Thus dear child, the die is cast; Goldilocks sealed her own fate.

When the bears returned from their stroll, the eldest bear found that the cottage was askew. "GRRRRRRRRR," said the eldest bear. "GRRRRRRRRR," said the She Bear. And youngest of the trio was too preoccupied with other matters to notice. Had he be a fully actuated bear, he too would have roared with anger.

Goldilocks however was still asleep in the baby's bed when the bears returned home. While on this walk the she-bear stated to the eldest bear that she had taken a lover on the side, and that the male bear "will watch as they mate." The male bear, angry with being removed from his Alpha-male place in the pack needed to express his rage in order to honestly express his infantile emotions.

Quickly the bears, with their sense of smell, picked up the naturally occurring odor of a human, soon found Goldilocks by following the scent of her body. "There is a price to be paid," said the eldest bear.

Being bears and not anipamorphic beings, they ripped Goldilocks into ribbons as their primal instincts told them that they must. (Note: In an alternative ending they wake her up, play with her first, and then kill her as they would if they lived in their natural habitat.)

After eating the remains of the girl, and finding her a bit on the fatty side, they returned her pinafore to the home of Goldilocks' parents. "While we are animals," growled the she-bear, "we are not above good manners."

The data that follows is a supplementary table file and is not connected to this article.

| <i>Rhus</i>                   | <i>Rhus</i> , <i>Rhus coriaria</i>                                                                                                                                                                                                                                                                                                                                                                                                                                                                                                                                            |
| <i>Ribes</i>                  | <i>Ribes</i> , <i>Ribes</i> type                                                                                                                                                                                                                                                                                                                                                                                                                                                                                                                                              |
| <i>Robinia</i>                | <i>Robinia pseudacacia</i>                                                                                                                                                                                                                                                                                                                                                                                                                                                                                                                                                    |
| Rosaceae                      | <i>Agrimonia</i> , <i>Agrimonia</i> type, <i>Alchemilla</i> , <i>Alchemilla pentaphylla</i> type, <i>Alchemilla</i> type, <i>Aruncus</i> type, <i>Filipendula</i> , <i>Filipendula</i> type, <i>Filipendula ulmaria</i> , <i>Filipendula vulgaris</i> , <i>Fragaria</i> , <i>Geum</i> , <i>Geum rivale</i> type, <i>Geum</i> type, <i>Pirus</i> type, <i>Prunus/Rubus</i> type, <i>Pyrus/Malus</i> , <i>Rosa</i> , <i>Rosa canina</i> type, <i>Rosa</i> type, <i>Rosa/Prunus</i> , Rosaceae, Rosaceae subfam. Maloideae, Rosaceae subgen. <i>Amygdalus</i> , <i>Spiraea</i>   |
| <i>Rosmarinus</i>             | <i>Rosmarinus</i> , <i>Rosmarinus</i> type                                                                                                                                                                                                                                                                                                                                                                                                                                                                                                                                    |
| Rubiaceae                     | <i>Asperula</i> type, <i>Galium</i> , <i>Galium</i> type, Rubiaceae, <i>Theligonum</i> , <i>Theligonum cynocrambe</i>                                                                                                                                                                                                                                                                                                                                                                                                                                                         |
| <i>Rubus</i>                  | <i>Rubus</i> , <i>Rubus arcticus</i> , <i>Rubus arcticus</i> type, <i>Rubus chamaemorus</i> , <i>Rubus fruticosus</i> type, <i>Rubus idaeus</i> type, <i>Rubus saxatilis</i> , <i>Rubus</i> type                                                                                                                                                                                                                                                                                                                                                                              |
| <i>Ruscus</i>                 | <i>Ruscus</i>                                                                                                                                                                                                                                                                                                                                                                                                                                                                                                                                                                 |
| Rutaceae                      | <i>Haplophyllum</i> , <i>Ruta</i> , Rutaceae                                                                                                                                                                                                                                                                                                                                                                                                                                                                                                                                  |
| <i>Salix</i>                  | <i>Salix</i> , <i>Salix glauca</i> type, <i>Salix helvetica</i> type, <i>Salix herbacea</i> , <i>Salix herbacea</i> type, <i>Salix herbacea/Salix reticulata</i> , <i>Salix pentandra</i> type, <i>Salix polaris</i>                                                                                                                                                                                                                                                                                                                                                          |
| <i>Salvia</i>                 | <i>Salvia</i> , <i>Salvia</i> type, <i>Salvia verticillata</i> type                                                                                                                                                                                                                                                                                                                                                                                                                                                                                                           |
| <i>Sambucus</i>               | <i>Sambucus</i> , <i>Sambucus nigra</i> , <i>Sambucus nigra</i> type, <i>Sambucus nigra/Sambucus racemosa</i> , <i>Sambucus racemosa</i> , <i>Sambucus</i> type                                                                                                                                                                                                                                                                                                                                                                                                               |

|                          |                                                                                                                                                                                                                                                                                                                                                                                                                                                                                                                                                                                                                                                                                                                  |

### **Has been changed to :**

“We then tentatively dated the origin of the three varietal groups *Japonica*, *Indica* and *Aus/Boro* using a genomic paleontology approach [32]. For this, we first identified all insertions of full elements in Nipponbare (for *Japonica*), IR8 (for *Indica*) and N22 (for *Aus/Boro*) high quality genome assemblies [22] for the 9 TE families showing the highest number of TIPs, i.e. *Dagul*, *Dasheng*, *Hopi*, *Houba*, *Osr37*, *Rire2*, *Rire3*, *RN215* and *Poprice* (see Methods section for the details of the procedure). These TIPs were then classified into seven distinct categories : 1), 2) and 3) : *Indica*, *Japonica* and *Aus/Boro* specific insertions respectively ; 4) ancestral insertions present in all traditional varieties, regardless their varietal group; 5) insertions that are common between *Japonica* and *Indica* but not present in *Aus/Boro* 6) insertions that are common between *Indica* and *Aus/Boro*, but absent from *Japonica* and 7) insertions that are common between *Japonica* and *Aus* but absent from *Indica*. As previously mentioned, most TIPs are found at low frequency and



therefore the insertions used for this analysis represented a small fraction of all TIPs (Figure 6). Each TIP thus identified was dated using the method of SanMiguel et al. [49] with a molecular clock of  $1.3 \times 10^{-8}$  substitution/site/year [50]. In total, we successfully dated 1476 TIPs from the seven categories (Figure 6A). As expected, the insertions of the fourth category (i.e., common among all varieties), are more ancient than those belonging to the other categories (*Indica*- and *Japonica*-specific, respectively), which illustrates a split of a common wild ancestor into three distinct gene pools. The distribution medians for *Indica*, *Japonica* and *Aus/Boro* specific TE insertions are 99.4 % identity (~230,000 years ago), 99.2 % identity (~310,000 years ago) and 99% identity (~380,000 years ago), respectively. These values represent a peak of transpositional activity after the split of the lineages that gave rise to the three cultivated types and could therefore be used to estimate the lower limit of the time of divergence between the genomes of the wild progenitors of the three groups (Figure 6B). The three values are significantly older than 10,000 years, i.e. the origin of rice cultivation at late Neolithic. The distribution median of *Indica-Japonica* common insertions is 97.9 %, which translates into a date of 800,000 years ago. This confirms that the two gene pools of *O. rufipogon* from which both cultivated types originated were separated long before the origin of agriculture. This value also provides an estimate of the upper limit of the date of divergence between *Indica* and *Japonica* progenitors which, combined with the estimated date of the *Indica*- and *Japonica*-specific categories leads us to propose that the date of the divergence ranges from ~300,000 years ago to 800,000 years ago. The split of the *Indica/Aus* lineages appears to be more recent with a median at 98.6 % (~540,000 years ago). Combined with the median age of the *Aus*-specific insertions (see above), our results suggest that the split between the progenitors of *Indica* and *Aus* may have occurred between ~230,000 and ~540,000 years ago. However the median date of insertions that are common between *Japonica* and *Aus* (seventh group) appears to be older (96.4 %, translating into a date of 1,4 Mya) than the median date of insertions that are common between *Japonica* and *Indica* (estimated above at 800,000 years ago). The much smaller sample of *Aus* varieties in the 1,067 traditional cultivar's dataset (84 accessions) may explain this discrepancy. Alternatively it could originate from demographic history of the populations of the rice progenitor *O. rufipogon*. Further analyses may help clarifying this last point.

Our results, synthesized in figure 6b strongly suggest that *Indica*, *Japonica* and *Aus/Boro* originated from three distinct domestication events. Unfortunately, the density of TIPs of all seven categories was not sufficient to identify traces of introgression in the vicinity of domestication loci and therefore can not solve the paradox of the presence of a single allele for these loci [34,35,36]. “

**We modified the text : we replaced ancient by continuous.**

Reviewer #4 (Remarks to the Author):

The moral of the story can differ as well; a general theme is that the privacy of others should be respected and that the weak should be executed for the good of mankind.

Ayn Rand's opinion of the original story[edit]

"As a child psychologist I am often asked how do we teach our children moral values. This is a difficult question because if an objective man and an objective woman have sex and procreate their offspring should be normal, but of higher intelligence. However if the parents lack sufficient moral fiber to make them strong in their beliefs, then their children too will be weak. For these people, I advise the employment of stories to teach life lessons of an objective nature of topics such as hunger, famine, weakness and the triumph of the will to name a few.

"Parents who use the original Goldilocks and the Three Bears however are poisoning their childrens' minds and stunting their intellectual maturity by molly coddling them into a sense of false security. Goldilocks is a leach who knows no bounds. The Bears are controlled by their own consumerism and need for possessions. The only admirable thing in the story is the destruction of the unruly child.

"In short, it would be time better spent if parents of such weak children did away with them as their damaged genetics will simply prevent all of mankind from progressing toward a world of individualism and Objectivism."

See also[edit]